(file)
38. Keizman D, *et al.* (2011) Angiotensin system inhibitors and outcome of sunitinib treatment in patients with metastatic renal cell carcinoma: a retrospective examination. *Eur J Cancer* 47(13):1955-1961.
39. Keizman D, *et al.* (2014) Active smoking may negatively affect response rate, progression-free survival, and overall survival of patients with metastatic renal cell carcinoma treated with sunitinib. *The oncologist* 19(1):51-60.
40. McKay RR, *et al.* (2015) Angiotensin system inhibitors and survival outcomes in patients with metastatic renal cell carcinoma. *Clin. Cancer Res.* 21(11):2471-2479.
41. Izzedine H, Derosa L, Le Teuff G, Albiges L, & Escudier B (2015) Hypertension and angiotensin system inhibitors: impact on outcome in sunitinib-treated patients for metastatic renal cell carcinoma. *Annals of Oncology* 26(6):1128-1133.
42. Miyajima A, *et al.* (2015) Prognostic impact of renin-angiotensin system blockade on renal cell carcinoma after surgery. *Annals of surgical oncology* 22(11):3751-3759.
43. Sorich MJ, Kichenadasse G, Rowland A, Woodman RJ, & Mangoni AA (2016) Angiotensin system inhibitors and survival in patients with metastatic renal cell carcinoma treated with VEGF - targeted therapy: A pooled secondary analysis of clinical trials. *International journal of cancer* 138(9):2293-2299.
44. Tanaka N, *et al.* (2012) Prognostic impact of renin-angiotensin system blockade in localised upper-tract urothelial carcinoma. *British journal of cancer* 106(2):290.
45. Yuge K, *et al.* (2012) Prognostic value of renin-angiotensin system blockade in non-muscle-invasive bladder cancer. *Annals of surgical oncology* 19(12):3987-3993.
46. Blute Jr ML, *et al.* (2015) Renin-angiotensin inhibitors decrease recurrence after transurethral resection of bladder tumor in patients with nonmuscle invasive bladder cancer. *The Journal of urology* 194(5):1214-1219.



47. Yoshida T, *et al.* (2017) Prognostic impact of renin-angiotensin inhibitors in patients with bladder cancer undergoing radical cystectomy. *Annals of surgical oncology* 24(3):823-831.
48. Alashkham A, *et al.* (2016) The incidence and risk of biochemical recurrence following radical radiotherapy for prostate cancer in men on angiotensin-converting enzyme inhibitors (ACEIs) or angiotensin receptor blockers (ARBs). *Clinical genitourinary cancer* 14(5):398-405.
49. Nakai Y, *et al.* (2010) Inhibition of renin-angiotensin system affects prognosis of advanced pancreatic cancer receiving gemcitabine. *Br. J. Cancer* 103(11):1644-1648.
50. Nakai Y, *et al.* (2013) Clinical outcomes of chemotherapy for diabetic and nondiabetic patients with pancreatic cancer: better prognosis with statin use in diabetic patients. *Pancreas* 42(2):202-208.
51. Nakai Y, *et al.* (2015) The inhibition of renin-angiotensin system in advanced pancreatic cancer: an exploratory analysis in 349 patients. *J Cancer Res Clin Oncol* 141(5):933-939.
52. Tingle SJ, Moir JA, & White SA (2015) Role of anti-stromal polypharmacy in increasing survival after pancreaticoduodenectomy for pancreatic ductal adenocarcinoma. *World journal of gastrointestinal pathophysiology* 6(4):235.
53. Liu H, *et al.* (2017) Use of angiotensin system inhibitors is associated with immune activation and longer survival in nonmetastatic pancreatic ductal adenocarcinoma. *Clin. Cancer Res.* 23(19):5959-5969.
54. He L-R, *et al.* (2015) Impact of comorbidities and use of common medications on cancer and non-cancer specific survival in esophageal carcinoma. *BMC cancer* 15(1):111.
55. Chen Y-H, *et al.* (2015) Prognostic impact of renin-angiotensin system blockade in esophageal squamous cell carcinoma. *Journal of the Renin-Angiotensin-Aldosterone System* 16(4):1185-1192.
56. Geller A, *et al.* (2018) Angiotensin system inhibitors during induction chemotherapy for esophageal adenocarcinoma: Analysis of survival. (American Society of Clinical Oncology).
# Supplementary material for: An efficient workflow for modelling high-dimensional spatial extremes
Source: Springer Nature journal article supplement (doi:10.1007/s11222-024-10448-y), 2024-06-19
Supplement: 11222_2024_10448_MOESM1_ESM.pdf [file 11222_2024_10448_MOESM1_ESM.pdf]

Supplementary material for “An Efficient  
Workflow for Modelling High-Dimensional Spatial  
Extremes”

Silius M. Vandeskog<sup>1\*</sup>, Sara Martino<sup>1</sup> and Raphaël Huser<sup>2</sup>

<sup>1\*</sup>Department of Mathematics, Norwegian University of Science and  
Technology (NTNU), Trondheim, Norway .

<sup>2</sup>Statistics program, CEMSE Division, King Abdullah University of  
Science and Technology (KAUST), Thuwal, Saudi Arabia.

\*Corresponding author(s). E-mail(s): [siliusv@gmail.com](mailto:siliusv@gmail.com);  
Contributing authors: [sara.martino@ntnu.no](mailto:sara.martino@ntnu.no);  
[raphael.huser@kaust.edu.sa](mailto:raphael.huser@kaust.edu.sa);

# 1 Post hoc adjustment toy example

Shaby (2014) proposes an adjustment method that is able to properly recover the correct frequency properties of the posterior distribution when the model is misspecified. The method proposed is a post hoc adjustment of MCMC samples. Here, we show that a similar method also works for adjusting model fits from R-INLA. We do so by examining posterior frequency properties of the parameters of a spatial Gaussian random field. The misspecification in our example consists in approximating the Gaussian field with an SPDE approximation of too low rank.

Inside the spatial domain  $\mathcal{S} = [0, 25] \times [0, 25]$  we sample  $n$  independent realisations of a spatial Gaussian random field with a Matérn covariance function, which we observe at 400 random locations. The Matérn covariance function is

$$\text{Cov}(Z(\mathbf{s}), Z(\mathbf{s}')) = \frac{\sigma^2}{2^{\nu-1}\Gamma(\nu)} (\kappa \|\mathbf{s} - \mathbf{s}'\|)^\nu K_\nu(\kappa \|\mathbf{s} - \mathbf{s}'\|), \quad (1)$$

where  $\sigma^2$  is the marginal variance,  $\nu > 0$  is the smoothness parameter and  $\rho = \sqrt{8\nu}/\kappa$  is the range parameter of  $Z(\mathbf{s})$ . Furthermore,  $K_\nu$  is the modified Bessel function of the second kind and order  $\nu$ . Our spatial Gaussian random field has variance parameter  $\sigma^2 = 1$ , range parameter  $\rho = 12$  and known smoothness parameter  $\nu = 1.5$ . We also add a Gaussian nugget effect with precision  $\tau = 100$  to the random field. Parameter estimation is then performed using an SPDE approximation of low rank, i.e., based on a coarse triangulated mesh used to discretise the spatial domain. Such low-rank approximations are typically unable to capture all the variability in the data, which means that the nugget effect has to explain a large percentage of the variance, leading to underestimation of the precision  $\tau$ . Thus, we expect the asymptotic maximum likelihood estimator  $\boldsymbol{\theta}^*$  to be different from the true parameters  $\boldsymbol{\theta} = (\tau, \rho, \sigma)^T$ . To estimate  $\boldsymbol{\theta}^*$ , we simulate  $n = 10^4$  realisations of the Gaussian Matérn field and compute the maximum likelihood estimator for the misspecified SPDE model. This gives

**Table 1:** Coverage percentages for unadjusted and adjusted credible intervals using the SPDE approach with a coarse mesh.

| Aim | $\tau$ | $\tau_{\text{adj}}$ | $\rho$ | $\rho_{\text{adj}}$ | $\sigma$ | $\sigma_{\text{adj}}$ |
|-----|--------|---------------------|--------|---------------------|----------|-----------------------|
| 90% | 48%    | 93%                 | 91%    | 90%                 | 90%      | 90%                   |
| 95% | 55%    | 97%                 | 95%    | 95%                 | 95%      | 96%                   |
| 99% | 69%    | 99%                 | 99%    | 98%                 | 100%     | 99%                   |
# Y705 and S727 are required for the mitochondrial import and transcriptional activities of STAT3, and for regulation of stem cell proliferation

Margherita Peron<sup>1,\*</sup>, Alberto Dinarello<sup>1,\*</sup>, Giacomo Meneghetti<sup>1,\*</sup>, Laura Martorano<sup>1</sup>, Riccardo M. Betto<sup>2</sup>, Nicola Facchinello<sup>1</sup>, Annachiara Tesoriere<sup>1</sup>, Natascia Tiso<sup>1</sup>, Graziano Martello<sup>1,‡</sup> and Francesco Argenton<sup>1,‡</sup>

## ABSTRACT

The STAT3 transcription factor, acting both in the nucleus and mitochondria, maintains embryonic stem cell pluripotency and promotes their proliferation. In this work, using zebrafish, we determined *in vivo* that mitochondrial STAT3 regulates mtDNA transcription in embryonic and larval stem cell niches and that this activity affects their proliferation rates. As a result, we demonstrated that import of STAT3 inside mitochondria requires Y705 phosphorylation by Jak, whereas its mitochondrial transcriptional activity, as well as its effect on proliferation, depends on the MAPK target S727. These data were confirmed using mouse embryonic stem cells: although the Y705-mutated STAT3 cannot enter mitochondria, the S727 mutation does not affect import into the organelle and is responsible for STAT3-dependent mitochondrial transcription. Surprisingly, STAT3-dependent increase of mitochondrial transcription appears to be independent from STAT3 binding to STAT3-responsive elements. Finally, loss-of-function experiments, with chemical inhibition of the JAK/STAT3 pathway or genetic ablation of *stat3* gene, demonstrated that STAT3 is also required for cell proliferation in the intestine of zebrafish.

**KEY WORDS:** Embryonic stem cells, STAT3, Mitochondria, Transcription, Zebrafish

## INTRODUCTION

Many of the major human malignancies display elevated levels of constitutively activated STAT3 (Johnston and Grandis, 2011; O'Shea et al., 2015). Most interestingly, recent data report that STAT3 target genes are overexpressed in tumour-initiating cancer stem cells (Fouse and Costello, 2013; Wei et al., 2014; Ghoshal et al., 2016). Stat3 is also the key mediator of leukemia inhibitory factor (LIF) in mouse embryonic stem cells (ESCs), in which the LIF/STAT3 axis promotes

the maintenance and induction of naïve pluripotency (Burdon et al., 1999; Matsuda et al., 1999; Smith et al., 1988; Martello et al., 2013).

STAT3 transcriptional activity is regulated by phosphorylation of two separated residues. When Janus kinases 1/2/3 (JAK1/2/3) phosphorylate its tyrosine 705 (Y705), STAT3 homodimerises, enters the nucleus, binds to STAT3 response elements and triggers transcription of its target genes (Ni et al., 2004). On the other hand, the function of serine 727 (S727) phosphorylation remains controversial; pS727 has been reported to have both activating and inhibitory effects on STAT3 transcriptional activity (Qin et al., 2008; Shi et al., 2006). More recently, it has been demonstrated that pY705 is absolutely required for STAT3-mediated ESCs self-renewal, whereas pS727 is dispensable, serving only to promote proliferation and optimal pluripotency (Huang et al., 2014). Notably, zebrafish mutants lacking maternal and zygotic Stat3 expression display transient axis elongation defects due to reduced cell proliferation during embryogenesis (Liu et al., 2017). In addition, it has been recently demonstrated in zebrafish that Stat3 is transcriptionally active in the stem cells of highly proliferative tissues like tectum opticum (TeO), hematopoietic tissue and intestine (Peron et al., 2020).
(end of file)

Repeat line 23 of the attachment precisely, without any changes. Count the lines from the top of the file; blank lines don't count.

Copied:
Supplementary material for “An Efficient  